The following blog was written by Beth Melillo including parts of an interview with her father, OPA member John Louis Melillo.
Disabled Vietnam Veteran/Contemporary Realistic Oil Painter, John Melillo teaches other Veteran’s to paint inside the Beyond Van Gogh Immersive Experience.
Strength, Honor, Hope, and Courage is an oil painting from my father’s “Life Goes On Part 2” series from this past Veteran’s Day Solo exhibition that describes his story best! I’m honored each day by his strength and endurance as he strives by using art to continue to heal from PTSD. Together we have created an art journey of oil paintings plus video content (I’m a tv producer) that we have shared with the world to build awareness on the healing power of art!
We wanted to share with you my father’s art story. This inspiring event was held literally inside the Van Gogh Immersive Experience Long Island where he taught 10 veterans to paint and explore the power of art! I took photos and produced a video we will share with you to feel as if you were there.
JOHN: “After retiring from a 45 year NYC business pace about 7 years ago, I didn’t realize that this was masking some of the things I had experienced in Vietnam. Now I was having not only nightmares but daymares (flashbacks). I went to the VA for help. Besides all the counseling programs I participated in, they gave me a Vocational Aptitude Test. I scored in the top 1% on creative arts, though I never did anything artistic before. With their help, I enrolled in oil painting art courses at the School of Visual Arts in NYC, NY Academy of Arts, The Met, and The Art League of NY. I also received Business Certificates from Sotheby’s and Christies. In learning to create through art, this gift from God became a “3rd Act in My Life” – a Rebirth. I found a solace and source of healing to deal with my PTSD infirmity.”
My father and I were so excited when the “Beyond Van Gogh: Immersive Experience” was coming to Long Island so that he could experience it. We had the great opportunity to attend the press pre-opening and my father had the distinguished honor to do a personal walk through with Fanny Curtat, Art History Consultant of “Beyond Van Gogh: The Immersive Experience”.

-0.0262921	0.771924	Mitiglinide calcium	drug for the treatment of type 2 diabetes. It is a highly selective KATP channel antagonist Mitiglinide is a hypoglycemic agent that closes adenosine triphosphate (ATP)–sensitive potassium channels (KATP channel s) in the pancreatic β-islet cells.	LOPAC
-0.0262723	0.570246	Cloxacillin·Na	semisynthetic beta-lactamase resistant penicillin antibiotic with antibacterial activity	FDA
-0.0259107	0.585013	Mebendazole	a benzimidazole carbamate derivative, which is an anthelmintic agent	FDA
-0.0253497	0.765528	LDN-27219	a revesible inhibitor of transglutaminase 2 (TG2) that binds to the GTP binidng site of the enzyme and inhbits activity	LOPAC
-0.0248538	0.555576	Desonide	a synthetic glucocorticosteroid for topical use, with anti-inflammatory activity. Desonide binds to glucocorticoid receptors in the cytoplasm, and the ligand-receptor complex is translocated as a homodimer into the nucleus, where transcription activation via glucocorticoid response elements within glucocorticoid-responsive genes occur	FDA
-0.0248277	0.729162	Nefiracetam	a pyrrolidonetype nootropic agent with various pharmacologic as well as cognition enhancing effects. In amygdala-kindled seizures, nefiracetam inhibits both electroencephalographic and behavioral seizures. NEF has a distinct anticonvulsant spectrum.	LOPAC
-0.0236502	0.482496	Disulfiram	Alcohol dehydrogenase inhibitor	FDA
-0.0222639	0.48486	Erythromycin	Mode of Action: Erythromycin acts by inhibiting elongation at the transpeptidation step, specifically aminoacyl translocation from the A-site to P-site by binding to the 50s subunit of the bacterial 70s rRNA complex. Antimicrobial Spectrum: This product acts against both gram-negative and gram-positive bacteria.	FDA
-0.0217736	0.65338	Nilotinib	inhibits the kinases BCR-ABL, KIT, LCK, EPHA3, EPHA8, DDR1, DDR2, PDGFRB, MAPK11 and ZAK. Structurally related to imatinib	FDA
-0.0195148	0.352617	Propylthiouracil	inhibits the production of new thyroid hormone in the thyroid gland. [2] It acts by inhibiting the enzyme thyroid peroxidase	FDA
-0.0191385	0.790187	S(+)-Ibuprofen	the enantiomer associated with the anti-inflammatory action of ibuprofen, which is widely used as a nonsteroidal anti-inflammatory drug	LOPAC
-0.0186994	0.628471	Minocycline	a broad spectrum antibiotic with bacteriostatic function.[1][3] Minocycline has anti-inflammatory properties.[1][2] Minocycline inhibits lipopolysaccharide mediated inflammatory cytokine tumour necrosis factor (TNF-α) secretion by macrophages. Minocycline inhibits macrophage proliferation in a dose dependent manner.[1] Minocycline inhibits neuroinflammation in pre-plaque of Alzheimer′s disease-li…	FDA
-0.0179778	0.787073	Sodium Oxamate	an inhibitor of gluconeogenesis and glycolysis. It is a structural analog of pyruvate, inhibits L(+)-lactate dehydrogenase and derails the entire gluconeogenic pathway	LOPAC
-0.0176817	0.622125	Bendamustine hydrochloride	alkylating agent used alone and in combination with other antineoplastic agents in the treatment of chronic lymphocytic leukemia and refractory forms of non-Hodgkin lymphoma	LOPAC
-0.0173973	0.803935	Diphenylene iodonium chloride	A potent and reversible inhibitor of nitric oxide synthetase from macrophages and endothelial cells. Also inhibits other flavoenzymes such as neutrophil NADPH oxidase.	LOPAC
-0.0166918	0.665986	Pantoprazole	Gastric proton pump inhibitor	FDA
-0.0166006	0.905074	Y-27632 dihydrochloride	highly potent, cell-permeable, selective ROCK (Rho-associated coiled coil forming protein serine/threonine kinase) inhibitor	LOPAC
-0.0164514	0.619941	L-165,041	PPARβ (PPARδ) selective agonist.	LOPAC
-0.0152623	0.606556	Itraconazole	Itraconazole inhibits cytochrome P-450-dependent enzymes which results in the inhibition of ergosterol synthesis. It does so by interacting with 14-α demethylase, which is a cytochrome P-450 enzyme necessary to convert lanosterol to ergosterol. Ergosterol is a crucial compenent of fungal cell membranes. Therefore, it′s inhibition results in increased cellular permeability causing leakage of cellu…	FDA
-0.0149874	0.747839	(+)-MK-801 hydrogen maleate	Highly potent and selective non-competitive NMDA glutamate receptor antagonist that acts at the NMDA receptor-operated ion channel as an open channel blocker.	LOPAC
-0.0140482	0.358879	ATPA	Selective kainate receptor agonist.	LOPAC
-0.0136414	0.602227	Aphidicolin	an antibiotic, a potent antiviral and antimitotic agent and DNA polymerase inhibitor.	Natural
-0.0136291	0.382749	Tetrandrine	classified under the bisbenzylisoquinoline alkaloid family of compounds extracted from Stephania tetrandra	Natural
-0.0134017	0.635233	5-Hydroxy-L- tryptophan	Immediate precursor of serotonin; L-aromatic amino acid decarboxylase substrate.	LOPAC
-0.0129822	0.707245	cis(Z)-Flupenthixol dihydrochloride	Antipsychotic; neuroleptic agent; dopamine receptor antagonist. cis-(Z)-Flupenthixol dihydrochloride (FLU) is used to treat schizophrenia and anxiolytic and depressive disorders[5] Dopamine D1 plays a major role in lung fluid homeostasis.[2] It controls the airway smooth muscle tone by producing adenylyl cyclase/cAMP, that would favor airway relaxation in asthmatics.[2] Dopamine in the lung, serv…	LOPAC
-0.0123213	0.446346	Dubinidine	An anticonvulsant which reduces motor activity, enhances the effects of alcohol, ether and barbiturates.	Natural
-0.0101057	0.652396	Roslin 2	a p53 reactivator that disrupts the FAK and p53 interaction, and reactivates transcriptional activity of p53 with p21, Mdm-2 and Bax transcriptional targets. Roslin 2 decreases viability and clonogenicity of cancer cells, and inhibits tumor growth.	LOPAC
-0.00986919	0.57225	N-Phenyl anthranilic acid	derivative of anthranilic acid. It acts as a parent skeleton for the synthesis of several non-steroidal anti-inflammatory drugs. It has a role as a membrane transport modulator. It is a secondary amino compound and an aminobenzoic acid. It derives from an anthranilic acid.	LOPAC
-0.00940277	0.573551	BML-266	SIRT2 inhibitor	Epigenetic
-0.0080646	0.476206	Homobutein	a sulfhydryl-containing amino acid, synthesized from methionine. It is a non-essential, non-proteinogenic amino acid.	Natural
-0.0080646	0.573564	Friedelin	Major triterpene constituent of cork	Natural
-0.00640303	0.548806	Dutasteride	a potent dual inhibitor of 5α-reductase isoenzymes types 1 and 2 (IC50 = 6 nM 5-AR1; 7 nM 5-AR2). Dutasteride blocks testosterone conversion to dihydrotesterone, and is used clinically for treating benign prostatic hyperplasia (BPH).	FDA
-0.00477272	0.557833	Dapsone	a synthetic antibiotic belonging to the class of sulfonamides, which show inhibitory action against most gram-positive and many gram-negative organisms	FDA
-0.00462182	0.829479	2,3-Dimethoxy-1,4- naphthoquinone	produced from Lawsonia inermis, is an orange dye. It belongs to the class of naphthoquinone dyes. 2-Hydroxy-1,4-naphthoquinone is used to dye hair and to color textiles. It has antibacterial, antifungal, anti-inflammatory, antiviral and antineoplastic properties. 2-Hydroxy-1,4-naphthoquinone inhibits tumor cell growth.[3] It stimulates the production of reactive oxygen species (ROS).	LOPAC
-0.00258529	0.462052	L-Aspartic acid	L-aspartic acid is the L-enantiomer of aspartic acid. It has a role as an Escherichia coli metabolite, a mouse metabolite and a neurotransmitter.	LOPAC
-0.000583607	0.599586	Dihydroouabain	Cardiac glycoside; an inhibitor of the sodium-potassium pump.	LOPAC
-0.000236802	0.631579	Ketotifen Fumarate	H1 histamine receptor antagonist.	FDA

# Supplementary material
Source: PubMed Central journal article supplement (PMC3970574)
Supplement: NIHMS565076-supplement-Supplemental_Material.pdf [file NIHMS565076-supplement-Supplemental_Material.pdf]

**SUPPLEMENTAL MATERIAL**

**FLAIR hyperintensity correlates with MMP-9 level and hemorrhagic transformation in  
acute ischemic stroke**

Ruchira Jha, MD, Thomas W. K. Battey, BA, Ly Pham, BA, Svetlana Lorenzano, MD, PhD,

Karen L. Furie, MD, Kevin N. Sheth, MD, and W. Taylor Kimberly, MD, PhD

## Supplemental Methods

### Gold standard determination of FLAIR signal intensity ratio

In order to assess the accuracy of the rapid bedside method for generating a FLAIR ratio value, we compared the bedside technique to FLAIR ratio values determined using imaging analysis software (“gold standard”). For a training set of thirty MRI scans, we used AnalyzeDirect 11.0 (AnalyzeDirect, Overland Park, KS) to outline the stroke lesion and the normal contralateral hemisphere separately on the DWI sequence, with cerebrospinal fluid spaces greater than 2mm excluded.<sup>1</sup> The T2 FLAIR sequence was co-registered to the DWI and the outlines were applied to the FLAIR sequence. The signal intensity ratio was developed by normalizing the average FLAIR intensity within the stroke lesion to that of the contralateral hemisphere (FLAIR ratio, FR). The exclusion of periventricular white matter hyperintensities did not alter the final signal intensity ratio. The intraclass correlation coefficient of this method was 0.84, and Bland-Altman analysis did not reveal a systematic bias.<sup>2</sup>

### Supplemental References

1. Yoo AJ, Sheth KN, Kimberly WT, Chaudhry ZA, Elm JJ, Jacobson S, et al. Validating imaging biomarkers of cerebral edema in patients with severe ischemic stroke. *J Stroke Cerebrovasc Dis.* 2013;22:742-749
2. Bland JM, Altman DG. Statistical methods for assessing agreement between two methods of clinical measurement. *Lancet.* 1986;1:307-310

JOHN: “I am a huge Van Gogh fan. You know when you hear the word Impressionist you think of Renoir, Manet, Monet, Seurat, etc. Cubism brings Picasso and Dali to mind. However, there is only ONE style of painting when you see it, you say ‘That’s a Van Gogh’. Fanny Curtat, who curated the Immersive Event, provided a great deal of knowledge and history about him. As we walked through the exhibit, her behind the scenes insights in creating it, brought me closer to this Master. It helped me appreciate Van Gogh, the man, as well as his 300 pieces of art on display.”
Following this incredibly inspiring preview on the day before opening to the public, the ”Beyond Van Gogh: Immersive Experience” team embraced my father as a Vietnam veteran surviving PTSD through art. We came up with an art workshop idea to have my father teach other Veterans to paint literally inside the “Beyond Van Gogh Immersive Experience” room where Van Gogh’s experience was inspiring all around them. We reached out to 10 Veterans from my father’s network who all had inspiring initiatives to come paint and enjoy the experience.
JOHN: “Working with other disabled veterans in this atmosphere really gave me a true sense of worth. Helping other veterans dealing with their efforts to create was a great inspiration for me as well as additional healing for all of us.
I felt Van Gogh was dealing with dark issues (not unlike PTSD) in his life trying to head Towards the Light with his unique style, brush strokes, and complementary colors. Working with veterans in the actual Immersive Event added inspiration for all of us. In our class we started with a black canvas and built a bright forest. I showed my class how we could go in additional positive directions from there. The response was overwhelming for all of us, I felt.”
The experience my father and I shared with other Veterans that day under the home of the “Beyond Van Gogh Immersive Experience Long Island” was a unique healing opportunity.
JOHN: “My message and take away is GLOBAL. Everyone has their Vietnams, be it a death in the family, a bad relationship, an illness, an accident, etc. How we deal with it tends to define us.
PTSD is not something that heals. It is something you learn to live and survive with. I suggest you do something GOOD for yourself. Find something that gives you pleasure. If you like to sing, join a choir: read, join a book club: dance, take lessons, and so on. Immerse yourself in something that gives you a sense of accomplishment and you’ll find a path to solace. My (AH HA) moment was learning how to oil paint. Thank you, Lord.”
I’m thankful to share this experience with my father as art continues to heal him in so many creative ways!